Though not officially recognized, I consider the students on campus who smoke cigarettes to be a subculture of their own, even if I do not smoke cigarettes.

I also believe that Pacific is a home to them just as much as it is to non-smokers; both parties are part of the same community and home could be defined as a place in which you can do want you want, within reason. And I believe that continuing to allow students to smoke in designated areas around campus is surely within reason.

Even as a non-smoker, I consider the idea of this ban to be counter-productive for multiple reasons. First, the ban would create more work for student conduct and Campus Public Safety (CPS). As if they had enough on their plates already, from defending campus from offenders who look like cracked-out versions of Dumbledore to responding to the ridiculously abundant amount of unnecessary noise complaint write-ups from certain resident assistants. The CPS officers and people on the student conduct board already have enough to deal with as it is. Enforcing the smoking ban would make things even more difficult for them.

As mentioned earlier, Pacific is home to the smoking students just as much as it is to the non-smoking students. By putting this ban into place, the administration would be alienating a large part of the campus community. I feel that the administration is taking on the initiative to ban smoking from campus without there even being some kind of public outcry to do so. All this does is needlessly alienate the students that smoke.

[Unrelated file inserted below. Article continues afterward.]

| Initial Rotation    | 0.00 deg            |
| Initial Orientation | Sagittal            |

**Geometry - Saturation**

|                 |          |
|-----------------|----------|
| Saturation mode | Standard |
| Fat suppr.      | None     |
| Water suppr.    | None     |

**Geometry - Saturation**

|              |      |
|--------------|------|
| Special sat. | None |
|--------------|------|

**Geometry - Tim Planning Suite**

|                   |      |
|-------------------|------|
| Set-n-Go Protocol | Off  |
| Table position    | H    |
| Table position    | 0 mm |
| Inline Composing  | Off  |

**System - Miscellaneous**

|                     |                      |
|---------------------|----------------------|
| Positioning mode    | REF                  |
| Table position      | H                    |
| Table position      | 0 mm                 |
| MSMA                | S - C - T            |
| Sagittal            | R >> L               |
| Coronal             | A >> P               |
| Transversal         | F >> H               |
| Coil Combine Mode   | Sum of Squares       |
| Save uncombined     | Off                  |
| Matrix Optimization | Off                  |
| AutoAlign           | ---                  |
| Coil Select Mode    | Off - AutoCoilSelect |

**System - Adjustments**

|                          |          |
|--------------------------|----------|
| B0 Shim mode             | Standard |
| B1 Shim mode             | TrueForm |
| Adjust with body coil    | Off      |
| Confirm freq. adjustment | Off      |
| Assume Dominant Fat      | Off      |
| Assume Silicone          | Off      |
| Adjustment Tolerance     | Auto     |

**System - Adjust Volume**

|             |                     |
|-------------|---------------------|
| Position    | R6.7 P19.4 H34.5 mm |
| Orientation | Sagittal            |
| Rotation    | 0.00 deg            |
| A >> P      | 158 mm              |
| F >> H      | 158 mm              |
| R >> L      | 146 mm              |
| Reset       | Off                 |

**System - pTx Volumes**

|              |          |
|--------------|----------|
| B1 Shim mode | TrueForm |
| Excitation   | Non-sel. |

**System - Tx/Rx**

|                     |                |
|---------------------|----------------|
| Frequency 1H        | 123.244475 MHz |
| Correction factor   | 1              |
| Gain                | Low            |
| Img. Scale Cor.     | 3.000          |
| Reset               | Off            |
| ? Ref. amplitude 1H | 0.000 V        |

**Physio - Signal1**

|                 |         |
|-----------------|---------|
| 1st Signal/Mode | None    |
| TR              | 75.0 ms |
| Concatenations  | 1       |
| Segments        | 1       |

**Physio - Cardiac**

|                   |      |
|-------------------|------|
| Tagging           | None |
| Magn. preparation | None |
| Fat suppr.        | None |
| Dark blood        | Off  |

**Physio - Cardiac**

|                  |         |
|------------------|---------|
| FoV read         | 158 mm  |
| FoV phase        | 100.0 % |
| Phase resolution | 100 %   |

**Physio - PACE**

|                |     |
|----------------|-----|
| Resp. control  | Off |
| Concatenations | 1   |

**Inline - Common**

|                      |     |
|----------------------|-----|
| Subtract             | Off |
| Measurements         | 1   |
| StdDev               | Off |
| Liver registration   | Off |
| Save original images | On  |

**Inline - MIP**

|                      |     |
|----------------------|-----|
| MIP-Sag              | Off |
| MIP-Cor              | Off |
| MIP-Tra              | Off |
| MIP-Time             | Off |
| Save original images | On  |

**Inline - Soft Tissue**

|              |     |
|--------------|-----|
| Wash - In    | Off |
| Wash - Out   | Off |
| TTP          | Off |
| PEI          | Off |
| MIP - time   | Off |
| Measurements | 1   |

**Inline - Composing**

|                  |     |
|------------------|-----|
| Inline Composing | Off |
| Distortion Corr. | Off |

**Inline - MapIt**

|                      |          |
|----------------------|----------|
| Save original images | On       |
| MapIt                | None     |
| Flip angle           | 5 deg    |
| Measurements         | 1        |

Earlier in this debate, it has been argued that it is “unfair for non-smoking students and faculty to be forced to breathe in these chemicals while walking to their destinations.” That is a good point, you are quite likely to walk past someone who could be smoking while on your way to somewhere else. However, this does not change the fact that the person you pass was there before you, and after you. They did not cross you, you crossed them. Many smokers I have spoken to have carefully articulated to me that they try not to smoke near other people. However, if people come into that area, they also do not see it as fair that they should have to move, as they were occupying that space first.

In the matter of secondhand smoke, statistics estimating the risks associated with its inhalation are primarily based on indoor tests, with longer-term exposure than simply walking by a smoker.

While 25 percent is an accurate estimate for indoors, you are receiving far less as a result of limited outdoor exposure. Considering the number of carcinogens put off by the inordinate number of trucks here in Forest Grove, I would almost say it is negligible.

So, with these reasons in mind, I stand behind allowing smokers to continue to smoke in their designated areas.

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